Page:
NBC News colleagues tell PEOPLE about Welker's journey to the moderator's chair, as she becomes the first Black journalist to lead one of the major Sunday public affairs shows
Kristen Welker will make history on Sunday when she takes over the desk at Meet the Press, making her the first Black journalist to moderate a Sunday public affairs program and only the second woman to ever moderate the NBC show.
Chuck Todd helmed his last episode as moderator this past Sunday, closing out his nine-year tenure with a special segment in which he officially handed the reins to Welker.
“You push yourself hard. You work really hard. You prepare. You out-prepare so many people,” Todd said to his successor before presenting her with a gift on-air: his vintage, battery-backup alarm clock that he's used for nearly a decade.
Welker — who joined NBC News in 2010 as a network correspondent — likely won't need the help getting to work on time. Colleagues say no one comes to work as prepared than the 47-year-old political journalist, a consummate professional with ample experience covering hard news and even moderating the final presidential matchup between Donald Trump and Joe Biden in 2020.
"Kristen has this incredible wealth of knowledge and insight into Washington that I have on occasions leaned on while preparing for major interviews," NBC Nightly News anchor Lester Holt tells PEOPLE of Welker. "Nobody does their homework or prepares more thoroughly than Kristen. No matter what she does she is all in."
Holt has worked closely with Welker in the past, including in 2016, during prep for the debate between Trump and Democrat Hillary Clinton. Holt was moderating the debate, while Welker assisted with research — and, the legendary anchor says, with a spot-on impersonation of one of the candidates.
"Kristen had been covering the Clinton campaign and was part of the research team that helped me refine questions," Holt says. "At one point she took the role of Clinton during a few internal mock debates we ran to test the flow and timing of the debate, and boy did she nail it."
He continues: "From body language to talking points, she took on Clinton’s possible responses to various scenarios and topics with uncanny precision. After that, parts of the actual debate felt like moments of déjà vu."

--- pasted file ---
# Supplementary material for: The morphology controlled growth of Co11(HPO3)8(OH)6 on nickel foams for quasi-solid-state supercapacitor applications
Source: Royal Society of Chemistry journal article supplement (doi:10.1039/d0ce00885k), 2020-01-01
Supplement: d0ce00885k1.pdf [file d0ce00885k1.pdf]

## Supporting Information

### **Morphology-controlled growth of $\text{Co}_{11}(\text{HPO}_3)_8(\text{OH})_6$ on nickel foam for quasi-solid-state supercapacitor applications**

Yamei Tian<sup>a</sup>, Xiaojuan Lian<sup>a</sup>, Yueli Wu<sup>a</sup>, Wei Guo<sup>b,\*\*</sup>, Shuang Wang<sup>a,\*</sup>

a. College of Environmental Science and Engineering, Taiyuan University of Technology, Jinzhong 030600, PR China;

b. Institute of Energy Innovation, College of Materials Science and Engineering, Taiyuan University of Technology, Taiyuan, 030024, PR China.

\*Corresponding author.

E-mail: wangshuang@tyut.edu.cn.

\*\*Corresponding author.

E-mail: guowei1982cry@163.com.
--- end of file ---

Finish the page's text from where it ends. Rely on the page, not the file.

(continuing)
Today co-host Savannah Guthrie still remembers the impression Welker made when she first started working at NBC News.
"Chuck and I were at the White House and almost immediately both of us said, 'That's our next White House correspondent.' I can't think of anyone more perfect for this role than Kristen," Guthrie tells PEOPLE. "She is incredibly fair, hardworking, tireless, and she loves politics — I think that's the secret ingredient."
Guthrie says that her admiration goes beyond Welker's professional talent: "Not only do I appreciate her as a colleague, I appreciate her as a friend. She is the first person to call you when something good happens in your life, whether it's something related to work or something personal."
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Today co-host Hoda Kotb also recognizes the joy Welker brings to the room, saying she's "the perfect combination of brilliant and kind."
"She is the person you always root for — and do you know why? Because she has spent her whole career rooting for everyone else! Now it is her turn, and I am so proud of her," Kotb adds.
And Today's Al Roker backs up Kotb's assessment, saying Welker "already possesses everything she needs to be an amazing moderator of Meet the Press. She is smart, inquisitive, respectful, yet challenging. A wonderful smile, lovely sense of humor and a terrific mom."
(Welker, who welcomed daughter Margot via surrogate in June 2021, has spoken publicly about her infertility journey and the challenges faced by many when it comes to starting a family.)
As for the pressure that will no doubt come with taking the baton at such an iconic program, the show's previous host, Todd, says Welker is more than cut out for the job.
"The key to success at Meet the Press, and really the legacy this show is built on, is to not let the prospect of criticism put you off of revealing and scrutinizing the viewpoints each guest brings to the table, no matter how controversial," Todd tells PEOPLE. "And what Kristen has in her journalism DNA is just that: a determination to get the story and the truth no matter how popular or unpopular that truth is. It’s what makes her equipped to succeed."
While the role will be new for Welker, she has plenty of experience behind her.
Speaking to PEOPLE in 2020, the journalist spoke about the responsibility of having a career in political news, saying, “Every time I walk through the White House gates, if you don't stop and take it in and recognize that you are a witness to history, it's time for you, frankly, to get a new job… Because every minute of everything that we're covering is history-making and frankly remarkable."
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